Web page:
Reply to Comment
        • Aaron Gross

          The political problem of evacuating the settlements depends only on the proportion of settlers and their supporters in the electorate, not the current government. Governments change amazingly fast with public opinion. You’re right that if settlers get up to around 50 percent of the electorate, there will be a problem. But that’s not going to happen in the near future.

          Oslo was not “an attempt to make things go away.” It was an attempt, by Israelis at least, to create a state of Palestine in Judea (yes, excluding Jerusalem), Samaria, and Gaza.

          A federation of two territorial states, as opposed to two peoples, doesn’t solve the minority problem, including what’s now called the settler problem. Each state in the federation has an ethnic minority which will be treated worse than the majority. (That’s assuming that Palestine has at least some political autonomy.)

          Most important, your two-state federation, with Israel “temporarily” in charge of security, will be viewed by Palestinians, correctly, as a continuation of the Zionist occupation of Palestine – all of Palestine. In effect it’s very close to the classic Likud vision of Palestinian “autonomy” in Israeli-ruled territory, whatever the intention.

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          • I suspect the Likud version did not envision a neutral court system on civil law.

            Reading you, by elimination, You either have One State, or Two States with forced removal of minorities.

            Reply to Comment
          • Aaron Gross

            My guess is that the Likud vision of autonomy included an autonomous Palestinian judiciary in the territories, but I don’t know. But if you’re proposing a single, centralized judicial system for all, then you’re not talking about a federation of two states.

            You misread me on minorities. I acknowledge that nation-states unavoidably involve a minority problem. My ideal “solution” is two states, with either both states having “oppressed” minorities (if the settlers stay), or with one state having an “oppressed” minority and the other state being founded on complete ethnic cleansing (if the settlers are transferred).

            My point is simply that any nation-state based solution, mine (independent states) or yours (federation of states), unavoidably entails a minority problem.

            Reply to Comment
    3. Deborah

      There was such a debate at a conference at York University in 2010. I attended and found it very interesting, because it forced me to keep thinking of the pros and cons of different options. But that moment may have passed.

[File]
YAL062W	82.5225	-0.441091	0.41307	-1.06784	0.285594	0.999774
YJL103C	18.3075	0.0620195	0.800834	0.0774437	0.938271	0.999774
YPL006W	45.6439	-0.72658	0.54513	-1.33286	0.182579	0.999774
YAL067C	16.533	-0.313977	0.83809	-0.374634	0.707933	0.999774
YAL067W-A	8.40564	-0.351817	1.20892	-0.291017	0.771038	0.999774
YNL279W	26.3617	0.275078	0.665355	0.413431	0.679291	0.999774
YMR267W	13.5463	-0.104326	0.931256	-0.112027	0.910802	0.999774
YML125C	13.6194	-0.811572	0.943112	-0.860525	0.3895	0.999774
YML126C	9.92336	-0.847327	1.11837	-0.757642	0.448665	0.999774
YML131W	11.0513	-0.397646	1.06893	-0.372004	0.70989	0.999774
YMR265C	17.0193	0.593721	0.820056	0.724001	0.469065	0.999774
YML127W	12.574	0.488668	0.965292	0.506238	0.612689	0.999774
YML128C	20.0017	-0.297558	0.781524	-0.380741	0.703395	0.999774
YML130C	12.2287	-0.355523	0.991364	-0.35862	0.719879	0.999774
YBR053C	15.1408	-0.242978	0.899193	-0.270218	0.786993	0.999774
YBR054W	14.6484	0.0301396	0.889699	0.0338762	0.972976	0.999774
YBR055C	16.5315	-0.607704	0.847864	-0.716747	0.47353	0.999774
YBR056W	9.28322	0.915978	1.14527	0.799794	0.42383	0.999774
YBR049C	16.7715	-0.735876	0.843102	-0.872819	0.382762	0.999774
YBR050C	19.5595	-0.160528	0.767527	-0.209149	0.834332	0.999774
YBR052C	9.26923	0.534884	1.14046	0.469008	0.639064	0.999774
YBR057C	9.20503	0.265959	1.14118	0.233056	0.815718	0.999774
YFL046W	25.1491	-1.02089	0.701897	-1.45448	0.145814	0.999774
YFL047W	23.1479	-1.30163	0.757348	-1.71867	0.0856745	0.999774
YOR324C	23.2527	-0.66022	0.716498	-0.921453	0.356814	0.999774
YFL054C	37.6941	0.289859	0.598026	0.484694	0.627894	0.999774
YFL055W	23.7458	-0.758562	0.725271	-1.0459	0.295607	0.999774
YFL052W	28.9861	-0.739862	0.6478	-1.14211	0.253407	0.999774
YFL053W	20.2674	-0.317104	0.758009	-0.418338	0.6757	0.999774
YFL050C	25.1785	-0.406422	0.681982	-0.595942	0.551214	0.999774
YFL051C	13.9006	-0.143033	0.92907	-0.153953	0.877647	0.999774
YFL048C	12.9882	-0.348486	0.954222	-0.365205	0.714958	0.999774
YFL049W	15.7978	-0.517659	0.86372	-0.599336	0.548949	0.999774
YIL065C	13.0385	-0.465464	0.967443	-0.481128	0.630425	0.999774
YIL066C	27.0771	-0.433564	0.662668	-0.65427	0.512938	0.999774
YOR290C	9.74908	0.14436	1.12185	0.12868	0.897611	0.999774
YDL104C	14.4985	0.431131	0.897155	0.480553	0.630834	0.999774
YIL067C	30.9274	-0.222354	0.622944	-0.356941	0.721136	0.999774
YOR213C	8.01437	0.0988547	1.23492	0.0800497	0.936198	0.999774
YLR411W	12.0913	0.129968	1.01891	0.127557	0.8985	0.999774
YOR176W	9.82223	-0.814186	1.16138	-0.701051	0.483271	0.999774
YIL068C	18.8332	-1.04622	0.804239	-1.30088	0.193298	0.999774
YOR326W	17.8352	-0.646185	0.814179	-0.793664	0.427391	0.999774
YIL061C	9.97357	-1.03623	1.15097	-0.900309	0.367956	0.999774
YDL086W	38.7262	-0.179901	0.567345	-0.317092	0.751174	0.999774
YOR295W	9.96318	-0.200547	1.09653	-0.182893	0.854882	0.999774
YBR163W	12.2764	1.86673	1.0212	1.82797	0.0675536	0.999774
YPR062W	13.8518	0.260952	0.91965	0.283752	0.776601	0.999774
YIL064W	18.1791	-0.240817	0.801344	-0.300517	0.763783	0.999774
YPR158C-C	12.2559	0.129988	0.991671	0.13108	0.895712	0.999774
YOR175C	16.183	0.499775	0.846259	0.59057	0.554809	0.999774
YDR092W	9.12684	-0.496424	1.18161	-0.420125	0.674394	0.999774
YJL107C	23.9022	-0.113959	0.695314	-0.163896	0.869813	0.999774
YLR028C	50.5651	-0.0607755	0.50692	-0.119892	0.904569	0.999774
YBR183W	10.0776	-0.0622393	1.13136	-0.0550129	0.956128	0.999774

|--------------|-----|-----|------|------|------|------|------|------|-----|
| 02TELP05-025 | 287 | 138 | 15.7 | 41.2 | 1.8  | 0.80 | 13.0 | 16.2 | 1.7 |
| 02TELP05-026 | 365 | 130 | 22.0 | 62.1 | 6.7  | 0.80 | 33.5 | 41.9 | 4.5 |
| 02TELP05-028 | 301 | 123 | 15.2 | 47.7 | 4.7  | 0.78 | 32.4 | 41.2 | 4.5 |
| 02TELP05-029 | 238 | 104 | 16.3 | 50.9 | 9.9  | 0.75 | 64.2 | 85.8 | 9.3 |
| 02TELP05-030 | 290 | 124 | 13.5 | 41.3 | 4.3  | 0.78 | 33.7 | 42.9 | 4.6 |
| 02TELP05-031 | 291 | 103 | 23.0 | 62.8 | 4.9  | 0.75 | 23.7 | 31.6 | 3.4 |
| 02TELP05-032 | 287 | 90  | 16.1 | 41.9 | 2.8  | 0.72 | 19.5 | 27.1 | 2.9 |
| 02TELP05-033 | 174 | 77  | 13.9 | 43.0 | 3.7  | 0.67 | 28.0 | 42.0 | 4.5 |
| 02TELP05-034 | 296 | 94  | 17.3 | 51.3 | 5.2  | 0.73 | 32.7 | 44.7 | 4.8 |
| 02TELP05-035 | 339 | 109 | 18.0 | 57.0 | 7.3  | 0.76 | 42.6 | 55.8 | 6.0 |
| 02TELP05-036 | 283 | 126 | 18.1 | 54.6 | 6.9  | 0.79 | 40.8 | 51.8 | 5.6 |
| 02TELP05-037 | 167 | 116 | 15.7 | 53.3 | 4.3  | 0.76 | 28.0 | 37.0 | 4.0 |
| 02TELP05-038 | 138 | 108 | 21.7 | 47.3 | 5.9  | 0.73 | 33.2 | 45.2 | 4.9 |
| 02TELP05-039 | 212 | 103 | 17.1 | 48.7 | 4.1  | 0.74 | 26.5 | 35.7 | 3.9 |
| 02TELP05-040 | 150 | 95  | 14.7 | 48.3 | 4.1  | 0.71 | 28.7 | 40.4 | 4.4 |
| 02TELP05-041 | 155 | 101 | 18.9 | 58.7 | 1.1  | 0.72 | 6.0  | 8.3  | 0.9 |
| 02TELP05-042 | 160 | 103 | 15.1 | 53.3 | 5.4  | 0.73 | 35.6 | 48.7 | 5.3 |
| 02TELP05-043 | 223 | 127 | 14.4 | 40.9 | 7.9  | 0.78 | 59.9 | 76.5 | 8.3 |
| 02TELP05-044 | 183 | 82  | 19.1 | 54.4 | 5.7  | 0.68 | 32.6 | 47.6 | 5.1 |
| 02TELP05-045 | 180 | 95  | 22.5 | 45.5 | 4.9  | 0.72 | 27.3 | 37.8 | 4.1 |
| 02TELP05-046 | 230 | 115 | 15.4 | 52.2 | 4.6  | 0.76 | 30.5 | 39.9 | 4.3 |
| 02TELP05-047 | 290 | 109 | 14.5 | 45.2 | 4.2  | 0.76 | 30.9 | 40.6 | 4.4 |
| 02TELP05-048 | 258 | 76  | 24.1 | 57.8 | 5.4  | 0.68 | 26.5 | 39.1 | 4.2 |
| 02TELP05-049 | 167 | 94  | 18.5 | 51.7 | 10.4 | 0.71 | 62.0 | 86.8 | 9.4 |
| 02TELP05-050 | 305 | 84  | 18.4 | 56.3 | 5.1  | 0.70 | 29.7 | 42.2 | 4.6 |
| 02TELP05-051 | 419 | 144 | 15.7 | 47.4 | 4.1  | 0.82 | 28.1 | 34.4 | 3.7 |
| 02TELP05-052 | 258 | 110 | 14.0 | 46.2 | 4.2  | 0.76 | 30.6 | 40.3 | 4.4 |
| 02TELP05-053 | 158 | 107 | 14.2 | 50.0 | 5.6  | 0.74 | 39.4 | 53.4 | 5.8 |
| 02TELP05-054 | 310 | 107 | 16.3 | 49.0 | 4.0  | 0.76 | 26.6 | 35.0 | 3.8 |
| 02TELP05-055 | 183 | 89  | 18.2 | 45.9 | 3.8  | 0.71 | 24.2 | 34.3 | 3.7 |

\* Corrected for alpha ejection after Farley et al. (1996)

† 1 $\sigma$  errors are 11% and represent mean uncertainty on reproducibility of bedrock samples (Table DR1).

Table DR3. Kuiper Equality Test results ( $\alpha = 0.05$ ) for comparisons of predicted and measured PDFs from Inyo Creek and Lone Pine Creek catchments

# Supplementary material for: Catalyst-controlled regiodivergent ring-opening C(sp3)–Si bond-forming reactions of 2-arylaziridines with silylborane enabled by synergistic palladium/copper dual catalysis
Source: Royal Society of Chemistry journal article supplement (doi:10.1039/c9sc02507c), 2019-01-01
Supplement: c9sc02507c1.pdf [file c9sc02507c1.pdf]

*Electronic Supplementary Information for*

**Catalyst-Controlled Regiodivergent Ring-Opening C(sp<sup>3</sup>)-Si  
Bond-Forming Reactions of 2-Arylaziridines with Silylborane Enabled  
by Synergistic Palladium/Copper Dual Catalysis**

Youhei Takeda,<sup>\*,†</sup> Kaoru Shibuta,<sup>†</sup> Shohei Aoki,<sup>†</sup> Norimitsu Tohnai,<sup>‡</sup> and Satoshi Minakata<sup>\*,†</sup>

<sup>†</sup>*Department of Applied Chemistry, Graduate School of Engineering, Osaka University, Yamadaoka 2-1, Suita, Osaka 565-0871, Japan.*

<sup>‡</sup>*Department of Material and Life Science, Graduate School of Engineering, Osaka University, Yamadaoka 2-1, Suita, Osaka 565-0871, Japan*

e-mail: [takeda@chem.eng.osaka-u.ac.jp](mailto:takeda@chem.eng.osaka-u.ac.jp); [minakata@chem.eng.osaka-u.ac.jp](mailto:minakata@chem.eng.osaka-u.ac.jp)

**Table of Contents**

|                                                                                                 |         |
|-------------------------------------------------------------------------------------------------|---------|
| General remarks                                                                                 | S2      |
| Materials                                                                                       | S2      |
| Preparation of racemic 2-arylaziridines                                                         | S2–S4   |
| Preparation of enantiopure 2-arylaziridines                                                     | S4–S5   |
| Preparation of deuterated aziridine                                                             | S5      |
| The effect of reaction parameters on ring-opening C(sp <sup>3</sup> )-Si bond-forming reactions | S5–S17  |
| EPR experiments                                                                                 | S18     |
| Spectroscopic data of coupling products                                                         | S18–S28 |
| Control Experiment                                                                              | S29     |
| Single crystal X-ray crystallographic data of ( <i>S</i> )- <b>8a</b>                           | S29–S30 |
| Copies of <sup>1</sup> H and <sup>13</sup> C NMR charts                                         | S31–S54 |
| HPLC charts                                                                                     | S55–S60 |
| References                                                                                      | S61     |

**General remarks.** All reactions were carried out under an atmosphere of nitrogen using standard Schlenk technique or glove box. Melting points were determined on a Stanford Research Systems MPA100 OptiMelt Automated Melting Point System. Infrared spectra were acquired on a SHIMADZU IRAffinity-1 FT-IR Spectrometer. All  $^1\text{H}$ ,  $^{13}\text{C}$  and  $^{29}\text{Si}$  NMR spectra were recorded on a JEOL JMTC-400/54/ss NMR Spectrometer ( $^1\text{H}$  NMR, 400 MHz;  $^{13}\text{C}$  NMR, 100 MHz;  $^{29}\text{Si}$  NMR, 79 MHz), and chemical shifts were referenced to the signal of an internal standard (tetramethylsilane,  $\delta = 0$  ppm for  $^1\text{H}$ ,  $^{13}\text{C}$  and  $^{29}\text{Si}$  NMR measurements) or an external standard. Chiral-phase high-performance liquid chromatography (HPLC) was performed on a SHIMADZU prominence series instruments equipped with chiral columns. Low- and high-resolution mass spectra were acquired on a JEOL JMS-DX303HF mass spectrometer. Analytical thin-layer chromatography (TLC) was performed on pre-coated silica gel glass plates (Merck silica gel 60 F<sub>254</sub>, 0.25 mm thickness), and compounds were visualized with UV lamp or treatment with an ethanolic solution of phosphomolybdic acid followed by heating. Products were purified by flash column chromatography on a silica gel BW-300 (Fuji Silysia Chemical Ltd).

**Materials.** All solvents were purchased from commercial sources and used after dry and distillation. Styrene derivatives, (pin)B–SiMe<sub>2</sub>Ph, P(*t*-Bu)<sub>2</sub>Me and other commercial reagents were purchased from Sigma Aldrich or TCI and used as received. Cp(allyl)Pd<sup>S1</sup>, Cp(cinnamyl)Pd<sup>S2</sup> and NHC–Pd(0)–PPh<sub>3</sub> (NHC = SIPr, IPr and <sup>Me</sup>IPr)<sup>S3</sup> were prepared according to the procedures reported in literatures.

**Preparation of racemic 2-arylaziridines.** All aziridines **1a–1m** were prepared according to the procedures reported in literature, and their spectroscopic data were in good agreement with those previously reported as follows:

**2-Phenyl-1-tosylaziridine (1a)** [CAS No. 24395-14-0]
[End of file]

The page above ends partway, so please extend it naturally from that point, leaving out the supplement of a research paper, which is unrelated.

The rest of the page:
Reply to Comment
      • David, are you not in the least bit bothered by the obvious irrationality of taking one example and treating it as predictive of the future interactions of two people. I assume we can safely put in the camp of Jewish state forever, Palestinian state never.

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        • The Trespasser

          What truly irrational is belief that Palestinian Arabs en masse are willing to peacefully coexist with Jews.

          Reply to Comment
      • sh

        Not so fast. Interesting how this morning the army is backtracking on its initial assumption that this, or the death of a soldier in Hebron, was a terror attack.

        Reply to Comment
        • The Trespasser

          As a matter of fact, both killings are acts of love and friendship, Arabian style.

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          • Average American

            “Arabian style”? You are an Anti-Arabian. You use hate-speech against Arabs. You want to deny an Arab’s right to exist. You want to deny a homeland for the Arabian people. You deny that Arabian people have been in that region for thousands of years. You smear the Arabian people with lies. You’re a dirty Anti-Arabian. I should report you to the Anti-Arabian Office and have you arrested by the ADF. The point I’m trying to build here is that by inserting Arab instead of Semite, the standard Israeli rhetoric is exposed as one-way, for their favor only, not principles to be evenly applied to all men.

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          • The Trespasser

            >“Arabian style”? You are an Anti-Arabian. You use hate-speech against Arabs.

            An Arab invites a Jew to visit his home and slaughters that stupid Jew when the Jew arrives.